To Win Hearts and Minds, Give Coast Guard New Hospital Ships
Humanitarian missions are a perfect match for the Coast Guard’s lifesaving ethos. That is why the Coast Guard needs to acquire both large and small hospital ships.
Hospital ships would be a welcome addition to the Coast Guard’s fleet of cutters. Recent Navy deployments of the USNS Mercy and USNS Comfort have demonstrated their ability to project a caring image of the United States around the globe.
The Coast Guard operates in a diplomatic space that the Navy is unable to replicate, and offers the United States another avenue to engage in politically sensitive disaster response and medical outreach projects.
Hospital ships are, by design, multi-use vehicles that are capable of serving in command and control, educational outreach, or as virtual sea bases.
The Coast Guard’s modernization plans — under the Deepwater program — already are under stress and budgets are strained. So new hospital ships would be best drawn from tested hulls found in the inventories of both the U.S. and allied navies as well as the private sector. No need to reinvent the wheel.
A future hospital ship should be tied into some sort of modularized container system that may mirror the modules used by the Navy’s Littoral Combat Ship. A ship that might be charged with high-tempo combat trauma care will need a flat deck that is able to withstand the heat and weight of large helicopters. A well deck also would be recommended, although it could be passed over if the ship is able to dock or maintains an organic docking system.
Under a two-tier system, smaller, cheaper ambulance-like platforms could work in tandem with a larger, more expensive command-and-control “trauma” platform or aid ship tenders where the crew of a smaller, low-endurance craft can take a breather or swap out crews.
For guidance on doctrine, Coast Guard planners can look to World War II, when small ambulance ships often worked as primary receiving platforms.
A floating trauma center requires a large platform that is capable of supporting a hospital and of providing sufficient electrical, water, crew-surge space and stability, as well as comprehensive organic decontamination facilities and the ability to receive contaminated or infectious casualties and aid workers either from the flight deck or well deck. A natural solution would be the LPD-17 class of amphibious ships, which offer a 25,296-ton displacement and 23-foot draft. The chief drawback, however, is the LPD’s billion-dollar price tag and crew of 360.
If the Coast Guard can’t afford a medically-dedicated LPD-17, there are cheaper, more versatile vessels on the world market. Options include France’s built-to-commercial-specifications Mistral helicopter carrier (displacement 21,500 tons, draft 20 feet), Japan’s smaller Oosumi (14,000 ton displacement, 21 foot draft) or any other member of the emerging global fleet of flat-deck/well deck amphibious ships — as long as the flight support facilities can be modified to handle large military helicopters.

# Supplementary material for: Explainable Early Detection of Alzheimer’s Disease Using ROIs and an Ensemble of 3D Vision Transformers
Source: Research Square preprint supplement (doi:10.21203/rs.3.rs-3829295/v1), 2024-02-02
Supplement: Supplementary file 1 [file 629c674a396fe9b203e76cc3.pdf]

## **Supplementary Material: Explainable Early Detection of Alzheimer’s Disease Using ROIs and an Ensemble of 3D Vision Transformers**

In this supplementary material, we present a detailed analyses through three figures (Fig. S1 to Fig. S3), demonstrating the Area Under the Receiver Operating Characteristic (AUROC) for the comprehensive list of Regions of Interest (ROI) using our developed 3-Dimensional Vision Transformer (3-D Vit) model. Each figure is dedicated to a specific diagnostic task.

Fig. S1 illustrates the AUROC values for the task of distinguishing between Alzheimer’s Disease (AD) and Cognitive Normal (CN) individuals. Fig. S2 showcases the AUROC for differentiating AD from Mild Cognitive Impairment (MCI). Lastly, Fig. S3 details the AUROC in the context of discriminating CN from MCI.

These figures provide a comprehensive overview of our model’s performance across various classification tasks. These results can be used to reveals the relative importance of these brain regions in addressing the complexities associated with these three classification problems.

Of all the flat decks, the Mistral would be a top choice because France seems likely to remain an active and enthusiastic partner in maritime outreach in the coming years. France also maintains many islands and remote territories. Of the countries that have the most to gain by building a set of active maritime alliances, France is it. By picking the Mistral as a standard for an aid vessel, the Coast Guard would be creating a longer-term tie to a valuable seaborne ally.
As a super-cheap dark horse, a modified Lewis and Clark cargo/logistical support ship might be worthy of consideration. It is already built to handle small-ship support and logistical needs, and offers ample cargo handling and sorting capabilities. It would require shedding some of the “support” vessel characteristics and move hospital/residential modules into the ship’s hold while also adding additional rotary-wing support facilities.
As far as smaller-scale aid ships go, the Coast Guard would be wise to consider one of the existing ferries that have been designed for the Navy’s soon-to-be-announced Joint High Speed Vessel. These “navalized” auto ferries can get in close to shore and are capable of deploying a containerized hospital or operating limited outreach in degraded ports.
Another option is the Gen. Frank S. Besson Jr. class littoral support vessel. A throwback to the LST (landing ship, tank), the LSV has considerable potential for niche missions. A modified LSV (4,265 ton displacement with a 12 foot draft) hauling up to 2,280 tons of cargo might fit the needs of medical outreach. The chief drawback to the LSV is that it is slow and sails like a brick.
Catamarans and trimarans are hampered by a far smaller payload (500-700 tons) and are less fuel efficient, but they are tough to beat in speed.
A compromise candidate between the large and small platforms is Denmark’s commercial Absalon class. It is essentially an armed (6,300 ton displacement, 21 foot draft) roll-on/roll-off cargo ship with a small flight deck and hangar. Like the U.S. Coast Guard’s smaller Bertholf class National Security Cutter, the Absalon is a modular, long-legged craft, ready to operate in hot climates, and is affordable. It has enough going for it that it can, with the help of some deft shifts in the medical mission module set, become everybody’s floating hospital.
As the two remaining U.S. hospital ships face retirement, the Coast Guard has an opportunity to step up by offering Congress a compelling case for funding hospital ship construction and integrate hospital ship operation into top-line increases to the Coast Guard’s annual budgets. A cash-strapped Navy can then focus on its own modernization projects.
Craig Hooper is a visiting assistant professor at the Naval Postgraduate School in Monterey, Calif. Lt. Jim Dolbow, USCGR, is an M.A. candidate in statecraft and world politics at the Institute of World Politics in Washington, D.C.